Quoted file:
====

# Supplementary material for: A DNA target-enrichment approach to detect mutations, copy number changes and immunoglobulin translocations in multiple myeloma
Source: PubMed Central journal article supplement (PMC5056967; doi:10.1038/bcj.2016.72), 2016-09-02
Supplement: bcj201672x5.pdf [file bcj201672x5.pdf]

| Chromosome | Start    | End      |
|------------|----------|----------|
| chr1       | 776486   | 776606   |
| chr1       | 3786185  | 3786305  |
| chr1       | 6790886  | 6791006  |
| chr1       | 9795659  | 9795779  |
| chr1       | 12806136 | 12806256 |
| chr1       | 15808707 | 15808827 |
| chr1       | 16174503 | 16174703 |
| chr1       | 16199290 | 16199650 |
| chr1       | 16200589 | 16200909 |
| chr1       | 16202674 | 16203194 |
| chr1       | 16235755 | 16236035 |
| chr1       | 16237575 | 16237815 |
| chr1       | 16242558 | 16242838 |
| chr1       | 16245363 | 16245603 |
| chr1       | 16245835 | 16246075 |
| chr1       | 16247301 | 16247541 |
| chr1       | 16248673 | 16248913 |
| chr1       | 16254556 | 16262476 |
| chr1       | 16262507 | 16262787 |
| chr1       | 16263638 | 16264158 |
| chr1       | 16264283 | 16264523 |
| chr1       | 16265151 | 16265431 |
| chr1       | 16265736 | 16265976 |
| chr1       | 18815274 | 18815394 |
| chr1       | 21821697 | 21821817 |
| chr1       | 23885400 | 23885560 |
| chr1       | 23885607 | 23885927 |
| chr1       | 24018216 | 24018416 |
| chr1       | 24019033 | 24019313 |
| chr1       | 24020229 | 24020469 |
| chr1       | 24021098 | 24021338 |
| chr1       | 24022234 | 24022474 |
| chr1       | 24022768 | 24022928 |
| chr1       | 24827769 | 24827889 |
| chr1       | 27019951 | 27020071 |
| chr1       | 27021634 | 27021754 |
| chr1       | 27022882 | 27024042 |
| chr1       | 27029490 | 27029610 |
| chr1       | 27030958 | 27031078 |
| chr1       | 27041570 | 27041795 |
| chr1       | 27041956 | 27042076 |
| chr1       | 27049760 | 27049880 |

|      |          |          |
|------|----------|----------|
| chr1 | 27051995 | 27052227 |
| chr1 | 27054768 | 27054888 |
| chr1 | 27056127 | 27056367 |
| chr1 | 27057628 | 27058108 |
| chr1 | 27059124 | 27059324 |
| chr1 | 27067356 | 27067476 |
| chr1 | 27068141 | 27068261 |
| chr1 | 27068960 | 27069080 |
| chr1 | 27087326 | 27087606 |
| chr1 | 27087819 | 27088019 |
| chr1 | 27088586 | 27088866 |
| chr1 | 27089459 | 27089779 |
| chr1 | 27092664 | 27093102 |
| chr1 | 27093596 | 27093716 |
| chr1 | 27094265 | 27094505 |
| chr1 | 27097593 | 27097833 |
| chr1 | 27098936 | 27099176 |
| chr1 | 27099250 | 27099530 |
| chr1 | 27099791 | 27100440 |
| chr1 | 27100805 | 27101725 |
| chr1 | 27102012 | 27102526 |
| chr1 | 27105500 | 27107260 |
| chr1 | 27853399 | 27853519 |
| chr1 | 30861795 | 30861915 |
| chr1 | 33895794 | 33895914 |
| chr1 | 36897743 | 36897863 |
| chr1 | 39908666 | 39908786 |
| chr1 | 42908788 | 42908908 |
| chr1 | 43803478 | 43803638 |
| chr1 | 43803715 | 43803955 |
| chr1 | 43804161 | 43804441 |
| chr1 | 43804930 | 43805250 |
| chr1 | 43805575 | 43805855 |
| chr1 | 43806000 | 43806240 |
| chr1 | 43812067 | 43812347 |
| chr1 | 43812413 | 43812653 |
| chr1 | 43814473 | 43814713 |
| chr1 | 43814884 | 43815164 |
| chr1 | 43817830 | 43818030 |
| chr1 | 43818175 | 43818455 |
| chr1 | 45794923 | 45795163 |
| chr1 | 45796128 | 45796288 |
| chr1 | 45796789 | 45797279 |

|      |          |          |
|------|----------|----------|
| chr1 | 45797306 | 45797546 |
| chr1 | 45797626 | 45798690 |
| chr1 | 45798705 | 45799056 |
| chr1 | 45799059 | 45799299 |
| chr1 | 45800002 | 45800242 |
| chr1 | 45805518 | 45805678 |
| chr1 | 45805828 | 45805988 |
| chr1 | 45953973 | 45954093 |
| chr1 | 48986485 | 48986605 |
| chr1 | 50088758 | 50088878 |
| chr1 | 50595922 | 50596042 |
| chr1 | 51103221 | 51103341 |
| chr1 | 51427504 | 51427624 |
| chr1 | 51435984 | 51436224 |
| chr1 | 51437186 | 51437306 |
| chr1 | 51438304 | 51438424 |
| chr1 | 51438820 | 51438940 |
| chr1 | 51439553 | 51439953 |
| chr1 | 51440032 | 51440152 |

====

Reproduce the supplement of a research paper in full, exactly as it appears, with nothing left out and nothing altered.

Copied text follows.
# Supplementary material for: A DNA target-enrichment approach to detect mutations, copy number changes and immunoglobulin translocations in multiple myeloma
Source: PubMed Central journal article supplement (PMC5056967; doi:10.1038/bcj.2016.72), 2016-09-02
Supplement: bcj201672x5.pdf [file bcj201672x5.pdf]

| Chromosome | Start    | End      |
|------------|----------|----------|
| chr1       | 776486   | 776606   |
| chr1       | 3786185  | 3786305  |
| chr1       | 6790886  | 6791006  |
| chr1       | 9795659  | 9795779  |
| chr1       | 12806136 | 12806256 |
| chr1       | 15808707 | 15808827 |
| chr1       | 16174503 | 16174703 |
| chr1       | 16199290 | 16199650 |
| chr1       | 16200589 | 16200909 |
| chr1       | 16202674 | 16203194 |
| chr1       | 16235755 | 16236035 |
| chr1       | 16237575 | 16237815 |
| chr1       | 16242558 | 16242838 |
| chr1       | 16245363 | 16245603 |
| chr1       | 16245835 | 16246075 |
| chr1       | 16247301 | 16247541 |
| chr1       | 16248673 | 16248913 |
| chr1       | 16254556 | 16262476 |
| chr1       | 16262507 | 16262787 |
| chr1       | 16263638 | 16264158 |
| chr1       | 16264283 | 16264523 |
| chr1       | 16265151 | 16265431 |
| chr1       | 16265736 | 16265976 |
| chr1       | 18815274 | 18815394 |
| chr1       | 21821697 | 21821817 |
| chr1       | 23885400 | 23885560 |
| chr1       | 23885607 | 23885927 |
| chr1       | 24018216 | 24018416 |
| chr1       | 24019033 | 24019313 |
| chr1       | 24020229 | 24020469 |
| chr1       | 24021098 | 24021338 |
| chr1       | 24022234 | 24022474 |
| chr1       | 24022768 | 24022928 |
| chr1       | 24827769 | 24827889 |
| chr1       | 27019951 | 27020071 |
| chr1       | 27021634 | 27021754 |
| chr1       | 27022882 | 27024042 |
| chr1       | 27029490 | 27029610 |
| chr1       | 27030958 | 27031078 |
| chr1       | 27041570 | 27041795 |
| chr1       | 27041956 | 27042076 |
| chr1       | 27049760 | 27049880 |

|      |          |          |
|------|----------|----------|
| chr1 | 27051995 | 27052227 |
| chr1 | 27054768 | 27054888 |
| chr1 | 27056127 | 27056367 |
| chr1 | 27057628 | 27058108 |
| chr1 | 27059124 | 27059324 |
| chr1 | 27067356 | 27067476 |
| chr1 | 27068141 | 27068261 |
| chr1 | 27068960 | 27069080 |
| chr1 | 27087326 | 27087606 |
| chr1 | 27087819 | 27088019 |
| chr1 | 27088586 | 27088866 |
| chr1 | 27089459 | 27089779 |
| chr1 | 27092664 | 27093102 |
| chr1 | 27093596 | 27093716 |
| chr1 | 27094265 | 27094505 |
| chr1 | 27097593 | 27097833 |
| chr1 | 27098936 | 27099176 |
| chr1 | 27099250 | 27099530 |
| chr1 | 27099791 | 27100440 |
| chr1 | 27100805 | 27101725 |
| chr1 | 27102012 | 27102526 |
| chr1 | 27105500 | 27107260 |
| chr1 | 27853399 | 27853519 |
| chr1 | 30861795 | 30861915 |
| chr1 | 33895794 | 33895914 |
| chr1 | 36897743 | 36897863 |
| chr1 | 39908666 | 39908786 |
| chr1 | 42908788 | 42908908 |
| chr1 | 43803478 | 43803638 |
| chr1 | 43803715 | 43803955 |
| chr1 | 43804161 | 43804441 |
| chr1 | 43804930 | 43805250 |
| chr1 | 43805575 | 43805855 |
| chr1 | 43806000 | 43806240 |
| chr1 | 43812067 | 43812347 |
| chr1 | 43812413 | 43812653 |
| chr1 | 43814473 | 43814713 |
| chr1 | 43814884 | 43815164 |
| chr1 | 43817830 | 43818030 |
| chr1 | 43818175 | 43818455 |
| chr1 | 45794923 | 45795163 |
| chr1 | 45796128 | 45796288 |
| chr1 | 45796789 | 45797279 |

|      |          |          |
|------|----------|----------|
| chr1 | 45797306 | 45797546 |
| chr1 | 45797626 | 45798690 |
| chr1 | 45798705 | 45799056 |
| chr1 | 45799059 | 45799299 |
| chr1 | 45800002 | 45800242 |
| chr1 | 45805518 | 45805678 |
| chr1 | 45805828 | 45805988 |
| chr1 | 45953973 | 45954093 |
| chr1 | 48986485 | 48986605 |
| chr1 | 50088758 | 50088878 |
| chr1 | 50595922 | 50596042 |
| chr1 | 51103221 | 51103341 |
| chr1 | 51427504 | 51427624 |
| chr1 | 51435984 | 51436224 |
| chr1 | 51437186 | 51437306 |
| chr1 | 51438304 | 51438424 |
| chr1 | 51438820 | 51438940 |
| chr1 | 51439553 | 51439953 |
| chr1 | 51440032 | 51440152 |